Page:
FAIRFIELD — Trying to turn tragedy into something positive.
That was the theme of the latest Justice for Jessie event held Saturday at Allan Witt Park to commemorate Jesus “Jessie” Amaya who was gunned down in a robbery-turned-homicide Feb. 1, 2012.
Amaya’s family and friends have since been trying to turn his death into a call for positive change in Fairfield and bring an end to the cycle of violence that claimed his life.
With a barbecue lunch, music, fun and games, Amaya’s mother, Vernalisa Gutierrez, and a small army of friends and family got together to show young people there is a better way and that they can become a force for positive change.
“This is not only in memory of my son. It’s not only justice for Jessie, but it’s justice for all these kids,” Gutierrez said.
In August 2013, Miguel Bastida, a 20-year-old Fairfield gang member, was convicted in Amaya’s slaying, though he was not the trigger man. That suspect, Mario Vasquez, remains at large, and police believe he may have fled to Mexico shortly after the shooting.
Along with music and food, Gutierrez had representatives of the Matt Garcia Foundation, Mission Solano and Operation T.H.U.G.S. on hand to speak to those gathered.
“Larry Blueford and Operation T.H.U.G.S. is going to be out here and they’ll be talking to the kids. I’m not going to lie, there’s probably a few of them that need it,” Gutierrez said of the group that mentors young people and tries to steer them away from life on the streets.
Raffle prizes were also available, many donated by local businesses.
“A lot of people donated. H&R Block, Hometown Buffet, Red Robin, they all know our family,” Gutierrez said.
“I really want it to be positive,” she continued. “I’m not only hurting for my child, I have friends.”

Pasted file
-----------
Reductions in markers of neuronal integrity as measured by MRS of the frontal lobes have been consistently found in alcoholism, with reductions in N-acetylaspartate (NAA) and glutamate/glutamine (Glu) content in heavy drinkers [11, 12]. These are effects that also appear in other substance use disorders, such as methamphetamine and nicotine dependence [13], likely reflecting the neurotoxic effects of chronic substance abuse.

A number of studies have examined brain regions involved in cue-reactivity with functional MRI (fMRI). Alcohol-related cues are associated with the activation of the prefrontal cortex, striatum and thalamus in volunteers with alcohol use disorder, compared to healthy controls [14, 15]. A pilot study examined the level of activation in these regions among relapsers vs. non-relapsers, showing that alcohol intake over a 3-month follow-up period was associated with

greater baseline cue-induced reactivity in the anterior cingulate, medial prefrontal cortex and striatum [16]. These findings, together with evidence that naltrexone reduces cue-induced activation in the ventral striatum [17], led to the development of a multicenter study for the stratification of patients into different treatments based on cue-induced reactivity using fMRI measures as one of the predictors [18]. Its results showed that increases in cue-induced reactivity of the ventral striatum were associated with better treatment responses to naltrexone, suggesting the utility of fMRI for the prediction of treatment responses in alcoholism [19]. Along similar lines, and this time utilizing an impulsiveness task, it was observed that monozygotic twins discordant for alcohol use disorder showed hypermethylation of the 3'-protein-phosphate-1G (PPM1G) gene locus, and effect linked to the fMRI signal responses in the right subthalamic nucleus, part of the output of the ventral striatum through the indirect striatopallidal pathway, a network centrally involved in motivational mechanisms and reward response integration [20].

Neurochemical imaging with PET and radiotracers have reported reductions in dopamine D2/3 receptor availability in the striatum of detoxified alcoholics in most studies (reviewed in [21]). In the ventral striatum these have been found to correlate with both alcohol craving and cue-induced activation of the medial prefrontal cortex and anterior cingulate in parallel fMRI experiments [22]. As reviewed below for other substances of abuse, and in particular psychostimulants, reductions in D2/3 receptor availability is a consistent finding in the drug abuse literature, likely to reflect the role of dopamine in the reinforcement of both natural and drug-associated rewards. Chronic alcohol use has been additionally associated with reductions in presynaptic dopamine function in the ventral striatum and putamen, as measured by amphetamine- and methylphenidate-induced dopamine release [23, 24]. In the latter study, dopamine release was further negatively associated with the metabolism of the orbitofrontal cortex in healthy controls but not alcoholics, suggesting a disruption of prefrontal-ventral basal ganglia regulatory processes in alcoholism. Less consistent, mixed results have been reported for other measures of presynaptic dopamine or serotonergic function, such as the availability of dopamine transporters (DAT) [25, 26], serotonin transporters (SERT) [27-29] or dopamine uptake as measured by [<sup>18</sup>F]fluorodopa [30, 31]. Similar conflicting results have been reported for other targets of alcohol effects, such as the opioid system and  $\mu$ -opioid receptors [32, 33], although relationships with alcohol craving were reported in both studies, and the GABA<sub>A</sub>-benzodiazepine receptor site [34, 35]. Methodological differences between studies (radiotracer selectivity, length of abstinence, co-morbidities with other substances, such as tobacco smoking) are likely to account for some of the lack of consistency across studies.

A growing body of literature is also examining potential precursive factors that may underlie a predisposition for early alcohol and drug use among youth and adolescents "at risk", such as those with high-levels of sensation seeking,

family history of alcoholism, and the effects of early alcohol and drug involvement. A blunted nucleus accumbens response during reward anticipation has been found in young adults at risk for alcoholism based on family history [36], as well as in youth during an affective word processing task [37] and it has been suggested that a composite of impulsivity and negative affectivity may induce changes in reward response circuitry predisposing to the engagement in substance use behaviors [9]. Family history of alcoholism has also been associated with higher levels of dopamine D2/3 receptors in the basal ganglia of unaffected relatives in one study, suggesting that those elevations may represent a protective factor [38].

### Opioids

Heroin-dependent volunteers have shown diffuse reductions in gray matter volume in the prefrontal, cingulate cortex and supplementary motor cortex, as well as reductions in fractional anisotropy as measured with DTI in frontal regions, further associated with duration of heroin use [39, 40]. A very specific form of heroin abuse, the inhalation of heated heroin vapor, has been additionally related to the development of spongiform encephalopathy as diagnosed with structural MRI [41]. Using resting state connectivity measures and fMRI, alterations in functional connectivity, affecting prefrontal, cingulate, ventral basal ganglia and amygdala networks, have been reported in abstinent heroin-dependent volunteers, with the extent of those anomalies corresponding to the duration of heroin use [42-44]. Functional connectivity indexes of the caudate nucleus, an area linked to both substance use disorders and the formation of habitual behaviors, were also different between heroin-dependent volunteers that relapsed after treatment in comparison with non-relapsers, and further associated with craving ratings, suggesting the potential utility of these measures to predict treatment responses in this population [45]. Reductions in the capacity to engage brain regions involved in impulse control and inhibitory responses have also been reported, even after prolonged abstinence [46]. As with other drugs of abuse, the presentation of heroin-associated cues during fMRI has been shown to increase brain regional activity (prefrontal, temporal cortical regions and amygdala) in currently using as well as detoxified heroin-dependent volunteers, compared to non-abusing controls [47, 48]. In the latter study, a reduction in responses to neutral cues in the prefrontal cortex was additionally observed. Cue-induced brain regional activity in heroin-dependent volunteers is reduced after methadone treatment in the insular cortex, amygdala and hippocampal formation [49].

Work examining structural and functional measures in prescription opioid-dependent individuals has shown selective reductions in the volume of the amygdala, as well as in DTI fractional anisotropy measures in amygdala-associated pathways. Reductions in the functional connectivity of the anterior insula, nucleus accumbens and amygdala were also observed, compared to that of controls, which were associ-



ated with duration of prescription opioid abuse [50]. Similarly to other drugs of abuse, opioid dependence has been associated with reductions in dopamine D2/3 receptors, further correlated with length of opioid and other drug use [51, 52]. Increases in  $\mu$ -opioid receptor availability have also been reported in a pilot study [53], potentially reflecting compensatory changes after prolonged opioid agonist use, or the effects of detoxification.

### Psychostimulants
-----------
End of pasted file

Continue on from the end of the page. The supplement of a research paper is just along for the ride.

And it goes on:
Gutierrez said she went to school with the mother of Terrell Brumfield, who was shot to death the night of Jan. 3 at the Parkway Gardens condominium complex.
“It’s not only for my child, it’s for anybody’s child,” Gutierrez said, who also grew up with Theresa Courtemanche, mother of slain Fairfield City Councilman Matt Garcia.
Echoes of the cycle of violence the family is trying to stop are everywhere.
Gutierrez also said that the celebration was being held on the anniversary of the death of 13-year-old Genelle Renee Conway-Allen, whose body was discovered at Allan Witt Park, not far from where the gathering took place.
“For us, it’s a slap in the face every time we open up the paper and find out another kid has been murdered,” said Minnie Giron, Gutierrez’s sister and Amaya’s aunt.
“All these guys that are here now, I grew up with them, but I always had someone there to make sure I go the right way,” said Eddie Gumataotao, a longtime friend of Amaya’s. “You just got to realize it’s not worth it. We lost somebody, but you can always make a change. It starts with one person and everybody will get out of it.”
Reach Mike Corpos at 427-6979 or firstname.lastname@example.org. Follow him on Twitter at www.twitter.com/mcorposdr.